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When Erica Khan, Alesia Mitchell, Heidi Swan, Kristin Topping, and Manisha Verma sat down to brainstorm about addressing the health needs of underserved Philadelphia residents, they quickly realized that making practical, culturally competent information accessible at the local level was a must.
So the group of Schweitzer Fellows—each of whom is already in the midst of her own yearlong direct service project—designed The Healthy Living in 2010 Community Symposium, aimed at providing information and services that empower community members to take charge of their own health.
Taking place on Wednesday, Feb. 17 from 5-7 p.m. at Philadelphia’s Honickman Learning Center, The Healthy Living in 2010 Community Symposium will offer free health materials focusing on prevention and management strategies for illnesses including heart disease, cancer, diabetes, and HIV—along with free health screenings, participatory workshops on exercise and healthy snacking, and a panel discussion with Dr James Plumb, MD, MPH (Thomas Jefferson University, Dept. of Family & Community Medicine), Cyndi Dinger, RD, LDN (Director of Nutrition and Client Services, Manna), and Teresa Lamore (Assistant Program Director, Public Health Management Corporation).
“Often times, people do not know where to begin to look for health education materials, and feel overwhelmed with having to learn all there is to know about a particular disease,” says Schweitzer Fellow Alesia Mitchell, whose individual Schweitzer project encourages families to make healthier choices about diet and exercise. “Adding to the anxiety is this pressure for Americans to live healthier, active lifestyles.”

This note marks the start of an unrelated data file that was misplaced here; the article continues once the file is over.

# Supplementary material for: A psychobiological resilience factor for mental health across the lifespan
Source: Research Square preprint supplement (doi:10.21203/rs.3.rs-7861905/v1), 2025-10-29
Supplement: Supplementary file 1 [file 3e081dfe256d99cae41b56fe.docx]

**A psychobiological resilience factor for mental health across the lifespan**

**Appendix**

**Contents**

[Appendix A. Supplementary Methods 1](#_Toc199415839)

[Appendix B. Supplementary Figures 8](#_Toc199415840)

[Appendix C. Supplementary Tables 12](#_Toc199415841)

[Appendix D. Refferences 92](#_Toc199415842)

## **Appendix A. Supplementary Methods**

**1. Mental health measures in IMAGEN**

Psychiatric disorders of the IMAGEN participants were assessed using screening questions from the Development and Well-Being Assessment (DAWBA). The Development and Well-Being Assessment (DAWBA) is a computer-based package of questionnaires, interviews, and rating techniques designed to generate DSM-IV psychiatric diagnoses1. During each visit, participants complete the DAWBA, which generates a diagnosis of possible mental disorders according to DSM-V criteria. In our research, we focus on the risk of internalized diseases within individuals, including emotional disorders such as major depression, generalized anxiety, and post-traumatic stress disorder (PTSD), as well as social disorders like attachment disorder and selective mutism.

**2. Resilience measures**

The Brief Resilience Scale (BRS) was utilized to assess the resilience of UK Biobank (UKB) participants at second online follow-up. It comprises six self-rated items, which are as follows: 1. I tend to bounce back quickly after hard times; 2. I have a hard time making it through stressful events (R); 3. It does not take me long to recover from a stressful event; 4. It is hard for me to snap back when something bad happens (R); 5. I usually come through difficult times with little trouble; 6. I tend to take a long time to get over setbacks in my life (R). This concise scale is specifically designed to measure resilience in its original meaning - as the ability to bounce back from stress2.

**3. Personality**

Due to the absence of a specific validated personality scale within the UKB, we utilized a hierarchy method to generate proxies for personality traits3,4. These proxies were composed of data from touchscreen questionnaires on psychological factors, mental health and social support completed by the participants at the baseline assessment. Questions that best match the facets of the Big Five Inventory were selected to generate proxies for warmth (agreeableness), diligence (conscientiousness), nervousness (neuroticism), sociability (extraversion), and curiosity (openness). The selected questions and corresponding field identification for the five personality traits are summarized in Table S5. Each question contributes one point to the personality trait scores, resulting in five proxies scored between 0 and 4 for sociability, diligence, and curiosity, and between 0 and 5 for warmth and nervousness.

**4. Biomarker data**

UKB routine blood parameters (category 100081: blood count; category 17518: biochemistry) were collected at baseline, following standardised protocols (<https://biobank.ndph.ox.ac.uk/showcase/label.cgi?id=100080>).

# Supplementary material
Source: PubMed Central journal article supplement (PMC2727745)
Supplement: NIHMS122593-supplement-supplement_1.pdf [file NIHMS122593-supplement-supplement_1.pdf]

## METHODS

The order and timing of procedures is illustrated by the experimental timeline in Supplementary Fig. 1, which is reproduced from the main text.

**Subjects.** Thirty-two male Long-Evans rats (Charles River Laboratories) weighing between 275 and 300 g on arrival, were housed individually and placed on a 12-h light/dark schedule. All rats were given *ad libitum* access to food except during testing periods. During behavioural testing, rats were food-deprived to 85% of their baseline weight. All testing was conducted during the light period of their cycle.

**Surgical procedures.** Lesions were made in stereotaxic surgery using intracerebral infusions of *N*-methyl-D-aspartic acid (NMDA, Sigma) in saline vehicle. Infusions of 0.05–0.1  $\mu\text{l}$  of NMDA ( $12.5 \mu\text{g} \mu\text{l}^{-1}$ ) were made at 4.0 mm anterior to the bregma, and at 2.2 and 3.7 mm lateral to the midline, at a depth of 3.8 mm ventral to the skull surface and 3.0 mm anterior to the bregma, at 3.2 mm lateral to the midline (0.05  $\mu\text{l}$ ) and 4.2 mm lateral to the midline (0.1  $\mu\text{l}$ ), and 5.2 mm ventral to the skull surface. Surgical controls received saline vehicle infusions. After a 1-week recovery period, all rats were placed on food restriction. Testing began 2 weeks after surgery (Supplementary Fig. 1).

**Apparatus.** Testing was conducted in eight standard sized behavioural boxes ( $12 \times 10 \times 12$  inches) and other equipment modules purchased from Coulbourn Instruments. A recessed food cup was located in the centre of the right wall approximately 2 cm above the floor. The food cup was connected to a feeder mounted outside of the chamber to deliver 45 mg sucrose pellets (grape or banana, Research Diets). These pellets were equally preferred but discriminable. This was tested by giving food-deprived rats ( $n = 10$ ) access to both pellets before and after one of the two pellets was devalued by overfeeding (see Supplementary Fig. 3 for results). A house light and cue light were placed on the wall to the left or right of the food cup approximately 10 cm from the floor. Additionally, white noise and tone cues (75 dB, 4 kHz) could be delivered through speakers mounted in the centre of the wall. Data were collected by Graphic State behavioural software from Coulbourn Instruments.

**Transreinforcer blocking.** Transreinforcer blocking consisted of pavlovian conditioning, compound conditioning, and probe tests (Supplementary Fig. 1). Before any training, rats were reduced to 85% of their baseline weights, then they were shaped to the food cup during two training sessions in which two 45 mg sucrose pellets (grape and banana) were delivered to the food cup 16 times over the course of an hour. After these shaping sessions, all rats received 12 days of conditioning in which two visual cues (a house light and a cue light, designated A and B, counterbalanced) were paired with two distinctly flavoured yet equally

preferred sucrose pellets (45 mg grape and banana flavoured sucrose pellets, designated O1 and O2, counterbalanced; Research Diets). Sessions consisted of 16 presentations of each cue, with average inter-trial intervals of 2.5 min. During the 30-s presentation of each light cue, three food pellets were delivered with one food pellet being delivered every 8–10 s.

Mitchell, an MPH candidate at Temple University, worked with Khan, Swan, Topping, and Verma to design a symposium that would effectively address that anxiety. They identified the Philadelphia region’s top chronic illnesses, and focused on developing symposium programming that would deliver practical, targeted information with relevance to the realities of attendees’ daily lives.
“One cannot speak about maladies such as diabetes, heart disease, and lung disease without providing preventive strategies, and emphasizing the importance and availability of health and social services,” says Mitchell.
By blending a health fair and panel discussion, Mitchell and co. believe they’ve created an ideal setting to do just that: “The community can receive health information, while having public health and medical professionals available to speak to the heart of some of today’s hardest hitting diseases,” Mitchell says.
“Individuals who attend the symposium may not be diagnosed with any particular conditions—but they may very well know a loved one living with diabetes, cancer, or any number of health problems,” she adds. “If there is one overarching message that we want people to emerge with, it is that everyone must be active participants in their health care and take the necessary steps to prevent and manage disease.”
Mitchell is grateful that she shares her belief in that message with a group of like-minded Schweitzer Fellows in Philadelphia — individuals committed to addressing health disparities through direct service.
“I enjoy interacting with people who have a desire to learn and are willing to be on the frontline impacting the health of individuals and families,” Mitchell says. “To come across a program that is dedicated to providing graduate students with opportunities to make an impact on the unmet health needs of communities is exactly what I’d hoped for to culminate my public health graduate experience. What better group of individuals to be associated with than The Albert Schweitzer Fellowship Program?”
To support the Greater Philadelphia Schweitzer Fellows Program, click here.